SINTRA, Portugal (Reuters) - The president of the European Central Bank called on euro zone countries to reform their economies, warning that future growth, in the face of entrenched unemployment and low investment, will be modest.
Although not the first time Mario Draghi has made such an appeal, his comprehensive argument in favour of reform underscores concerns that governments may be wasting the time that ECB money-printing has bought them.
“It should ... be clear that the argument that accommodative monetary policy constitutes an excuse for governments and parliaments to postpone their reform efforts is incorrect,” Draghi told a gathering of the globe’s central banking elite.
His remarks come as the ECB’s trillion-euro-plus quantitative easing to buy chiefly government bonds bolsters sluggish lending and injects extra money into the euro currency bloc. That, in turn, eases pressure on governments to change.
In making his argument, Draghi warned countries that Europe’s problems were far from over despite an economic outlook that was “brighter today than it has been for seven long years”.
This improvement, he said, is marred by heavy debts across parts of the euro zone and entrenched unemployment that “haunts too many countries”.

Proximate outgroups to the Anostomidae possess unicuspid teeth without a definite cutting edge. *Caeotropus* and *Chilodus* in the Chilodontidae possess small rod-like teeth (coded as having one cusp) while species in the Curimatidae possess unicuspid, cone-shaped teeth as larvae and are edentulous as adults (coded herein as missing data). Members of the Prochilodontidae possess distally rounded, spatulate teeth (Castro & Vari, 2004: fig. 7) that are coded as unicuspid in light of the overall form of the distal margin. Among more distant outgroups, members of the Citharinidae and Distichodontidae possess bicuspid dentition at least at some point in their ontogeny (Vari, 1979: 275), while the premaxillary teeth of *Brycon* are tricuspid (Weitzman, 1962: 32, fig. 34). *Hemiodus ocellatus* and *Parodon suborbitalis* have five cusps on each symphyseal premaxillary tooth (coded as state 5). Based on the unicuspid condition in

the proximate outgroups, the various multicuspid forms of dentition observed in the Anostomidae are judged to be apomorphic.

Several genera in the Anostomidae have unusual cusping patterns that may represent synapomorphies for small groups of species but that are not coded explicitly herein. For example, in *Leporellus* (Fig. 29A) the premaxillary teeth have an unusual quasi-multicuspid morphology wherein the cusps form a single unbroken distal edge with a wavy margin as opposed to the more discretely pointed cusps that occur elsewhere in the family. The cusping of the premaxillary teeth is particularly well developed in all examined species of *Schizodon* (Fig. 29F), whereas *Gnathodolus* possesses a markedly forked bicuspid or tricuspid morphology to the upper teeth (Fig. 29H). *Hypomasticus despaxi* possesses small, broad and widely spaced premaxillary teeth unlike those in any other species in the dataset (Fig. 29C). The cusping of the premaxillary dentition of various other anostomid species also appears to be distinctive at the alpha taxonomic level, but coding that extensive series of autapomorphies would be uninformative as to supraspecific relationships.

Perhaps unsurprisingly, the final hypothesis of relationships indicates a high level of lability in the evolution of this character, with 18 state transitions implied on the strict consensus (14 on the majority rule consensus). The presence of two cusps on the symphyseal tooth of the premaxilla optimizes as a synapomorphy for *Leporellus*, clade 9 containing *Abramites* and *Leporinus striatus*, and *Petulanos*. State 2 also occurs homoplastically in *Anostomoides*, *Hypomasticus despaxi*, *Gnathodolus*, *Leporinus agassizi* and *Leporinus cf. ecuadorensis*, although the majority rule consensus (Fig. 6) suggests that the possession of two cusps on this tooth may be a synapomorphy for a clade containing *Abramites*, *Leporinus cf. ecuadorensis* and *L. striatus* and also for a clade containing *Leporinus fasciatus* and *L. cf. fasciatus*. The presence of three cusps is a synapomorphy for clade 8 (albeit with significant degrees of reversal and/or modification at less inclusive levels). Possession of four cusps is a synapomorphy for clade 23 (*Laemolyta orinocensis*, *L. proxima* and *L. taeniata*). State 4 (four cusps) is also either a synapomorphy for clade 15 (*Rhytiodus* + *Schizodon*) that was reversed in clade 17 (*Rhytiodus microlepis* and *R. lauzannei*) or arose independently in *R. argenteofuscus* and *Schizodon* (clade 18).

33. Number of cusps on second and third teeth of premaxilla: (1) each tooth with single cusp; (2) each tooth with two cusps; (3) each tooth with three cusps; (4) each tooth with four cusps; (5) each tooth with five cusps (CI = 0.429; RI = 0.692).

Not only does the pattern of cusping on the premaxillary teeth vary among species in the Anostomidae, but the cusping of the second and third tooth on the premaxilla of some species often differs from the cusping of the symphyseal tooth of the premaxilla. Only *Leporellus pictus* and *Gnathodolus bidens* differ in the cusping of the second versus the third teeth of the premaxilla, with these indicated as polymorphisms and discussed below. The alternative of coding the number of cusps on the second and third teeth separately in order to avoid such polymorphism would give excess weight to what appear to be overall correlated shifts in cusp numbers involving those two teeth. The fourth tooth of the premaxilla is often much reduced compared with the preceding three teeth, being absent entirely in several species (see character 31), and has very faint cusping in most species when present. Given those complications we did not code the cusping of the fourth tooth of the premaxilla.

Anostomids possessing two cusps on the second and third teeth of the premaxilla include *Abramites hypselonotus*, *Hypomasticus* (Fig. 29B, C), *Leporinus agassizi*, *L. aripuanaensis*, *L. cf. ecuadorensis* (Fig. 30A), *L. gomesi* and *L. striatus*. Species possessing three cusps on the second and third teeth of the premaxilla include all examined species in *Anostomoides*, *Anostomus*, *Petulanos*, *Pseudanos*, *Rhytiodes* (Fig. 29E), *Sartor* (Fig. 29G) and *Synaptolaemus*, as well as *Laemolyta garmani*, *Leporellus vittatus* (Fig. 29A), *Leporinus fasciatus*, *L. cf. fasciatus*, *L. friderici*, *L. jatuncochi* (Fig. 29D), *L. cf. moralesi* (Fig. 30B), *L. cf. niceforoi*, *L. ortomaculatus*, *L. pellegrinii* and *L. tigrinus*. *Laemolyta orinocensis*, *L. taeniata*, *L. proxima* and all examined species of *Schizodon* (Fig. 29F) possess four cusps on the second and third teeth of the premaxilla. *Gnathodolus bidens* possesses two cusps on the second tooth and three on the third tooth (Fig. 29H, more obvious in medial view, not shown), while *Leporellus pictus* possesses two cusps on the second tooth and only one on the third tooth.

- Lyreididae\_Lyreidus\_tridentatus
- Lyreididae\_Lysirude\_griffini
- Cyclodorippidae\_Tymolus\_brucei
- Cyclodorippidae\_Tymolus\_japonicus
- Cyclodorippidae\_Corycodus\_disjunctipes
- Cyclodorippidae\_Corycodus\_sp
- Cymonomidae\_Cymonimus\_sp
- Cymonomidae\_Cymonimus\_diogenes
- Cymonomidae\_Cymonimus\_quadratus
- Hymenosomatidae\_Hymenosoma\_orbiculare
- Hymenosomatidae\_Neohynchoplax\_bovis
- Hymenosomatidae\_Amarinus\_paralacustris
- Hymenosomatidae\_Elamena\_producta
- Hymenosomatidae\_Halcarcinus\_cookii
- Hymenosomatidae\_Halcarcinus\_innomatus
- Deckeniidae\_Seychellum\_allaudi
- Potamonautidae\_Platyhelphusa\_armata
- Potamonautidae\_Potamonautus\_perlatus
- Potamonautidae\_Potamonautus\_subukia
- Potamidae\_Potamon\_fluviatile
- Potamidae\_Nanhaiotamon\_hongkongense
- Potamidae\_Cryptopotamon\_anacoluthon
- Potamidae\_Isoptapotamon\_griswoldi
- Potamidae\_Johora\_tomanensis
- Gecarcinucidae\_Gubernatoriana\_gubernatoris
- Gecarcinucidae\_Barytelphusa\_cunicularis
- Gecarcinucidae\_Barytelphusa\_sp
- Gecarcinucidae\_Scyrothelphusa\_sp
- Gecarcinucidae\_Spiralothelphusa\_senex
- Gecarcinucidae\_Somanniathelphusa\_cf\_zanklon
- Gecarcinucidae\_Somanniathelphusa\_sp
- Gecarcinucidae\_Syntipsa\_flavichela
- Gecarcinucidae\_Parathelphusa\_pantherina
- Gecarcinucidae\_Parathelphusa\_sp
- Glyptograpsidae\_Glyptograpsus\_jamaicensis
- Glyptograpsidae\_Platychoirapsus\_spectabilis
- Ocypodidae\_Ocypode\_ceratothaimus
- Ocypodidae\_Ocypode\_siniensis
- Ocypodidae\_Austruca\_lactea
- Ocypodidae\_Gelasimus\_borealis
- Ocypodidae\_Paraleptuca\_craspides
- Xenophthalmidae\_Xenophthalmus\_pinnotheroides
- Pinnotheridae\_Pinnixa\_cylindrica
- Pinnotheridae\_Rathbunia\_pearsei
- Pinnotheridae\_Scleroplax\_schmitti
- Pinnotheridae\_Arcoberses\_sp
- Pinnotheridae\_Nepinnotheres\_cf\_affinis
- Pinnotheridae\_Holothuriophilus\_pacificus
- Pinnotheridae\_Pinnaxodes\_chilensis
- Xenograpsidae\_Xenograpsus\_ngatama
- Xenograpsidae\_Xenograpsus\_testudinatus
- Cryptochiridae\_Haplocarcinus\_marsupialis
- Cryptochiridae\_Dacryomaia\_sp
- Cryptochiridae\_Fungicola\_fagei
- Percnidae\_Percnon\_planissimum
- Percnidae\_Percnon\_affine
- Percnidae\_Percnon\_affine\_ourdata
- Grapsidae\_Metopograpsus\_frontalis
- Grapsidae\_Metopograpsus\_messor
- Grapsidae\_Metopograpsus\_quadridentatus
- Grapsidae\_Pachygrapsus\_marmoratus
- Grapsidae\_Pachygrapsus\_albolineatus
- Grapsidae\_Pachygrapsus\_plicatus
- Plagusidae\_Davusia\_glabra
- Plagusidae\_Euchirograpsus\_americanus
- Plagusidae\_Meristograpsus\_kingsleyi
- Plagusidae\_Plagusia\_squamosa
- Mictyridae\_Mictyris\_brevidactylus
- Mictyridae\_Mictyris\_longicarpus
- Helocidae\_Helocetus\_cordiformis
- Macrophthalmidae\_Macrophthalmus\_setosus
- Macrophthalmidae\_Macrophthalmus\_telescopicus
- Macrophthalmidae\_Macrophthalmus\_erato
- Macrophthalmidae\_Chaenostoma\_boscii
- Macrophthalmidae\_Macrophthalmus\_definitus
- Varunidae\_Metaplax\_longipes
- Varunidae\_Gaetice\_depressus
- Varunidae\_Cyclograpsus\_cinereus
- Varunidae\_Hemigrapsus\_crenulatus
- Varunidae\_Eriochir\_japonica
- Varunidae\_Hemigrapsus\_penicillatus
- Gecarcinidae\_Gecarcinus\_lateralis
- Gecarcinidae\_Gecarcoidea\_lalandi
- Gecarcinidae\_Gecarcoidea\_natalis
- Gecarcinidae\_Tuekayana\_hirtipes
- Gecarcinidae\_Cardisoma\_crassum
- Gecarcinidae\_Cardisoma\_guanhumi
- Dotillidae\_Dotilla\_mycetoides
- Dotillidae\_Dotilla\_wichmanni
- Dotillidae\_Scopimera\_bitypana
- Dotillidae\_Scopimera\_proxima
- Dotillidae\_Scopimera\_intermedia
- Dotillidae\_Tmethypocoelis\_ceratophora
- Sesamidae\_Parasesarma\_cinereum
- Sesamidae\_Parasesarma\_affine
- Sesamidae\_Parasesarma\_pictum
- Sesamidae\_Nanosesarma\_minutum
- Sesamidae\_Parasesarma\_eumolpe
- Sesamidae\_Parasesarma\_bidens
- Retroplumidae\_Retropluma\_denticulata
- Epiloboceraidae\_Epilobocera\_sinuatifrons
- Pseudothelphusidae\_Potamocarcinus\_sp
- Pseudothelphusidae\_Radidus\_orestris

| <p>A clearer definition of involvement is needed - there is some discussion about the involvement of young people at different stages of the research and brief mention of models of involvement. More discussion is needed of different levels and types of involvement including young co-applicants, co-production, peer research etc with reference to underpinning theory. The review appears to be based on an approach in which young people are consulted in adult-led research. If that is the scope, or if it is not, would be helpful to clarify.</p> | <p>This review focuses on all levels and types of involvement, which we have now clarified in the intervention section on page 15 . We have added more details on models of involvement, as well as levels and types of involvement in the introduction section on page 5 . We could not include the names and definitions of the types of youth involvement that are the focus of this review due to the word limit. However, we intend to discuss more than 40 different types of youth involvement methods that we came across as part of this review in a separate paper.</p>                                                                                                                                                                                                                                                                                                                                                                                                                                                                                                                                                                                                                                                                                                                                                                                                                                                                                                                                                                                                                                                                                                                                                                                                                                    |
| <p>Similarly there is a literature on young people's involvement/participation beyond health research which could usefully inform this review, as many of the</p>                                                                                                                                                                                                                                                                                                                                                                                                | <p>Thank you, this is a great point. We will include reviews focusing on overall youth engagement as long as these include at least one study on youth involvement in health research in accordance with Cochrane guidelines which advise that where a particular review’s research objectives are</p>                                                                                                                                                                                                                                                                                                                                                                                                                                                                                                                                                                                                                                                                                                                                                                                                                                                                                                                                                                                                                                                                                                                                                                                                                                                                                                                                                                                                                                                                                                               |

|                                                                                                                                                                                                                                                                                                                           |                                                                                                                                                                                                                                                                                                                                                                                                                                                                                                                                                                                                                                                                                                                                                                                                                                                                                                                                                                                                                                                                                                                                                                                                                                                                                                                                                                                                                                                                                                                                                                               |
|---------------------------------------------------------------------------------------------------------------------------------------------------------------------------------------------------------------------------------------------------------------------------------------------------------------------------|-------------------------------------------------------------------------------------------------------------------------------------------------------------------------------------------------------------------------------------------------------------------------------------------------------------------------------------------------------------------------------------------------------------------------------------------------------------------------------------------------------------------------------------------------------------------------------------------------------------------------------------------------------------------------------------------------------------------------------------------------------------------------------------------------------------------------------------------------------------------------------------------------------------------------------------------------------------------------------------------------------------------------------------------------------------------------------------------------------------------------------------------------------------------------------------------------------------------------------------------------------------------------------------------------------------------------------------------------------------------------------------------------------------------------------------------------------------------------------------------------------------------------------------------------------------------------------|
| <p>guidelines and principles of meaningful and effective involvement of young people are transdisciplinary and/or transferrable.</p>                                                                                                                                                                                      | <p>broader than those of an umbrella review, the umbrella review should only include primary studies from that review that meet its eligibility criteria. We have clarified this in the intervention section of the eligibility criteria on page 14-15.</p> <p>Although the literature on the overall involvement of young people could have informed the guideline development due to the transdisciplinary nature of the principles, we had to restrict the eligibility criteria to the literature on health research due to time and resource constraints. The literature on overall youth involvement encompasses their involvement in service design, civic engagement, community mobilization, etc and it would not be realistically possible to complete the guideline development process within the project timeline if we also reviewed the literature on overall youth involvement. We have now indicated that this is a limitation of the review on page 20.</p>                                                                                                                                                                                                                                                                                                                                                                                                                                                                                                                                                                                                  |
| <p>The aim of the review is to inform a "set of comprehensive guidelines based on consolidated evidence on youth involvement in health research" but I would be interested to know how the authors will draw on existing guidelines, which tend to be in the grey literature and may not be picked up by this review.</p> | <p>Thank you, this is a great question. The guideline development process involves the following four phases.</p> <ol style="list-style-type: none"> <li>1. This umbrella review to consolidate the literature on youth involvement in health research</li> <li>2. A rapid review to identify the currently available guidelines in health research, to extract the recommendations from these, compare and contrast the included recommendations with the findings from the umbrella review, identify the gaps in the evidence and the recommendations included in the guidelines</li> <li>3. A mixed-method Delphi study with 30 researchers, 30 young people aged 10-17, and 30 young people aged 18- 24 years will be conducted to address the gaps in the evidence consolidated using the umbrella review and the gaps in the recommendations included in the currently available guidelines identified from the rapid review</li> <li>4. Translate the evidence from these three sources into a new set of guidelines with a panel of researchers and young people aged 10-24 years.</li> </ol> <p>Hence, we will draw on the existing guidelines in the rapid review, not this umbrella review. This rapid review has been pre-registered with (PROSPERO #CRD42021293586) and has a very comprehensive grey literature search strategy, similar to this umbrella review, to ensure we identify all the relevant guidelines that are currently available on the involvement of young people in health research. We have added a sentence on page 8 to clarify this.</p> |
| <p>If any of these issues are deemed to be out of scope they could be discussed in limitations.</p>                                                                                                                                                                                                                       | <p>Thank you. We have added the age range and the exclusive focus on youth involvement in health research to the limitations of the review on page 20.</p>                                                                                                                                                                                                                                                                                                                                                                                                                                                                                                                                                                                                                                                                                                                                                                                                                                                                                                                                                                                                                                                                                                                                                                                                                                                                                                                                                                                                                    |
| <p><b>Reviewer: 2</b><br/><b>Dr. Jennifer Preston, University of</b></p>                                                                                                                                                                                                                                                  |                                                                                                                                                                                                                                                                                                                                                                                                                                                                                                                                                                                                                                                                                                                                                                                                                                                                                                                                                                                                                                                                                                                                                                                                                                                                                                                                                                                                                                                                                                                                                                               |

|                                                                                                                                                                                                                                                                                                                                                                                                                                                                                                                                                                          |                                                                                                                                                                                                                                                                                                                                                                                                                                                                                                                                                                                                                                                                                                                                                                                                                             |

“A cyclical recovery alone does not solve all of Europe’s problems,” Draghi told the audience of central bankers and academics at an event organised by the ECB in Portugal.
Euro zone countries are arguing with Greece about sticking to a reform programme that its leftist government claims is strangling the economy but Athens is not alone in resisting painful changes.
European finance ministers were recently told that just a quarter of the reforms recommended by the European Commission, the EU’s executive, for the bloc have been carried out and, now that the crisis is easing, the pace of reform is slowing further.
Such reforms would include changes to the tax code to reduce the burden on companies, opening up closed sectors, such as taxi driving, to competition, as well as pension reforms to deal with an ageing population.
Failure to act, said Draghi, would compound the euro bloc’s already modest prospects, pointing out how growth in the 19-country euro zone is lagging the United States.
“While some of the effects of the crisis on investment and employment are expected to unwind, potential growth is projected to remain well below pre-crisis growth rates,” he said.
He cited Portugal as having set a good example, which embarked on far-reaching reforms under its bailout by Europe and the International Monetary Fund, including in labour markets and in the legal system.
It also cut civil servant wages and pensions and launched the biggest tax hikes in generations.
Still, attempts to cut state salaries were partially challenged by the country’s highest court and economists have said that reform efforts have slowed since the creditors left last year and ahead of a general election in the autumn.
Reporting by John O'Donnell and Axel Bugge; additional reporting by Robin Emmott in Brussels; Editing by Jeremy Gaunt and Toby Chopra